Green jacks sometimes follow you when you are swimming or paddling. It’s fun swimming with them and observing their behavior. Today my head was out of the water and could see through the glassy clear, calm water a huge shiny thing coming at me. Suddenly I had, “flight for flight;” an instinctual scare. But when I plunged my head into the water, I broke out laughing. I saw this great school of small jacks colliding with my path, going crazy feeding, diving, darting. Here is a clip of them! I see this fun school of small Green Jacks each day on a routine snorkel swim. Today they really surprised me! This species of fish is one of the many special fish in Ventana Bay. I just love them!
I ran into this incredible school of Crevalle Jacks weighing in around 10-12 pounds. They swam at me rapidly, turned and left. I immediately dove to the bottom and waited til they came back and circled me. Then tried to follow them once they left again. Yeah, right! They were far gone in a flash. It’s the largest school I’ve seen of big fish near shore since I started snorkeling regularly since fall of 2016. This school is one of the great schools of fish I hoped for at the end of my The Return of the Sardines video. It’s truly amazing to witness how the sardines have transformed the bay, bringing back a sizeable return of the pelicans (counted 200 one day) and a diverse group of other birds along with them. There’s been far more water surface activity of fish feeding in the bay like I’ve never seen. Let’s hope the Dorado and the Sierra and other big schools will show up near shore once again!
Sergeant Majors are one of the more reproductively active fish in Ventana Bay, reproducing consistently for most of the year. They excavate down to uncover large smooth boulders to lay their eggs on. Their nests are easy to spot when you are snorkeling because multiple nests can be found in clusters of around 5-9 nests, and also, there’s a lot of activity to witness. The male protects the nest by darting around, chasing predator fish away from the nest. With this activity and that of the pair reproducing in a way that looks like a dance, you can’t miss them if you are snokeling in the bay.
This short piano piece I first heard when staying at Singing Bridge in along the Westfield River in the hill country of the Bershires in Western MA. (U.S.A) and recently found it in my music files. Hearing it again inspired me to share two of my fish photography files I haven’t yet shared. One is a perspective shot I call belly shots, shot from below the fish, and another “belly rubbing on sand.” Hope ya like it.
Finespotted Jawfish excavate a tunnel down into the sand. They back their tail and trunk into the hole and most often can be scene with their head visible within the opening of the tunnel. As you swim over, the fish will track you with their eyes, and you can sometimes see the head turn to follow you as you cross over their path. Watch!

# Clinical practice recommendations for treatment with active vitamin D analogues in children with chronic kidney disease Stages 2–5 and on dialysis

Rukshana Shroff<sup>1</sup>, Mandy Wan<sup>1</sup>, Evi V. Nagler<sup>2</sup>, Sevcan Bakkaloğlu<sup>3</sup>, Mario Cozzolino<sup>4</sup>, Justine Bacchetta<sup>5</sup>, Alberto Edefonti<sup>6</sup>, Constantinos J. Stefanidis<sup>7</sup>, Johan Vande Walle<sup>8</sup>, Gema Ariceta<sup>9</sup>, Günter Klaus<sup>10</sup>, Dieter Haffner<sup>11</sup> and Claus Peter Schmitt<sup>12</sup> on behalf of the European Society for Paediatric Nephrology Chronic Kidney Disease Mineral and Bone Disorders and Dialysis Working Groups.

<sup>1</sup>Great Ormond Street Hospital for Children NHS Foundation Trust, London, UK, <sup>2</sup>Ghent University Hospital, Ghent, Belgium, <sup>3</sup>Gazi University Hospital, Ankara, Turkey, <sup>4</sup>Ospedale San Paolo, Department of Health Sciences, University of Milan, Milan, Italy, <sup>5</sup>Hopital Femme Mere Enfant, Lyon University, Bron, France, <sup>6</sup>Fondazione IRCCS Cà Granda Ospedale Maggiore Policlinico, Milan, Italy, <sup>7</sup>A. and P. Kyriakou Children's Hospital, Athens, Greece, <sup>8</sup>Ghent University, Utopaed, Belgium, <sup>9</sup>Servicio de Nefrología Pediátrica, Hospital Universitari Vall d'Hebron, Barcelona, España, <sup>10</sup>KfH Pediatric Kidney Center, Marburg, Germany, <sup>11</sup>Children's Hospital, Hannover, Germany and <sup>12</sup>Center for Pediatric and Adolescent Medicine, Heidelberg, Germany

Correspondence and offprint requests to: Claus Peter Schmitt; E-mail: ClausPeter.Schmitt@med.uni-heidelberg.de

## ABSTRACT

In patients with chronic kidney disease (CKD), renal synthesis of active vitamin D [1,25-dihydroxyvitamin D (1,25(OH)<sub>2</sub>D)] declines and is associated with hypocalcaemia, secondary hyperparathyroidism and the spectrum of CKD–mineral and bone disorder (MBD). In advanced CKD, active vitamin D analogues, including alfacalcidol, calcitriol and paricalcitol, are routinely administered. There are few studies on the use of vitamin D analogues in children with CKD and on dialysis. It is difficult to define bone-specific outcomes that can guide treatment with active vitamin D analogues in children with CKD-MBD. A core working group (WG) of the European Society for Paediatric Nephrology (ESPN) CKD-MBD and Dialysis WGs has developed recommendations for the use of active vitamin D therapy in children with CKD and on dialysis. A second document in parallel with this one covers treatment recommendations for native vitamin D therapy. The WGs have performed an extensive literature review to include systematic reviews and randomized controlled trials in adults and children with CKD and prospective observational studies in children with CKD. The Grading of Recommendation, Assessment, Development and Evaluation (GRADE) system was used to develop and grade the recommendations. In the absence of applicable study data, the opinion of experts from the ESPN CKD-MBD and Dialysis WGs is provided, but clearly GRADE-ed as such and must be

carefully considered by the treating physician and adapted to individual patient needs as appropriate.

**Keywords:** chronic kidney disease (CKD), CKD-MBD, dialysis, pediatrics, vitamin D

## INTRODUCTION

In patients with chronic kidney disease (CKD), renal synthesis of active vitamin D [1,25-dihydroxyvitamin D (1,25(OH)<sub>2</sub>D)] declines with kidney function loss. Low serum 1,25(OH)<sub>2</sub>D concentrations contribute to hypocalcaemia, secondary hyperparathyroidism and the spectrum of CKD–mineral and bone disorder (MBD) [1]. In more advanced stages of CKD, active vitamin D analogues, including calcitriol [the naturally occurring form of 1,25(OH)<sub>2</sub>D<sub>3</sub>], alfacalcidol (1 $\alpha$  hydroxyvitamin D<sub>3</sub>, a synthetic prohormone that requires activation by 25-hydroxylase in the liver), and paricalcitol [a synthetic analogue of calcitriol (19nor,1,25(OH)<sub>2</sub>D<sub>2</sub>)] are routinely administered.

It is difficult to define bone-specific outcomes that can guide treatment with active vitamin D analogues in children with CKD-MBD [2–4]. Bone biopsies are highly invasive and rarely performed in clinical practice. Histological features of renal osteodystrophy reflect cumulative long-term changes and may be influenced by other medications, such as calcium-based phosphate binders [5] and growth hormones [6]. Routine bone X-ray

Longenose puffers can be pesky! I have been bitten 5 times. Become aware of their behaviors so you can keep that number at zero. Those that have been approached by this cute little fish, please share your encounters in the video comment section.
Here is a video of Stingrays Swimming in Ventana Bay. They have a reputation of being stingy creatures, however, stingrays would rather not sting you. But when you step on them, you leave them no choice! To prevent this, some recommend shuffling your feet in the sand to scare them off.
Here is a very short video to introduce what a Stingray looks like buried in the sand. Stingrays are harmless creatures, unless you step on one when they are buried in the sand. Some people shuffle their feet in the sand to scare them away. That’s what I do when I enter the water. A Stingray has a barb on the tail that they use to defend themselves; that’s the sting in Stingray. It’s very painful. Stingrays will leave you alone otherwise. I enjoy watching their unique and graceful way of swimming.
Learn to recognize when a female Sharpnose Puffer exhibits nest building behavior so when you snorkel, you too can spot the reproductive behaviors of these fish. This short film shows three pairs of Puffers engaged in reproduction.
Eels are interesting creatures. Some people get scared when they see them swimming with their mouths wide open. Eels swim with open mouths because that’s how they breath; water must enter their mouths to circulate through their gills. Eels are harmless unless you bother them. They have better things to do than bother you.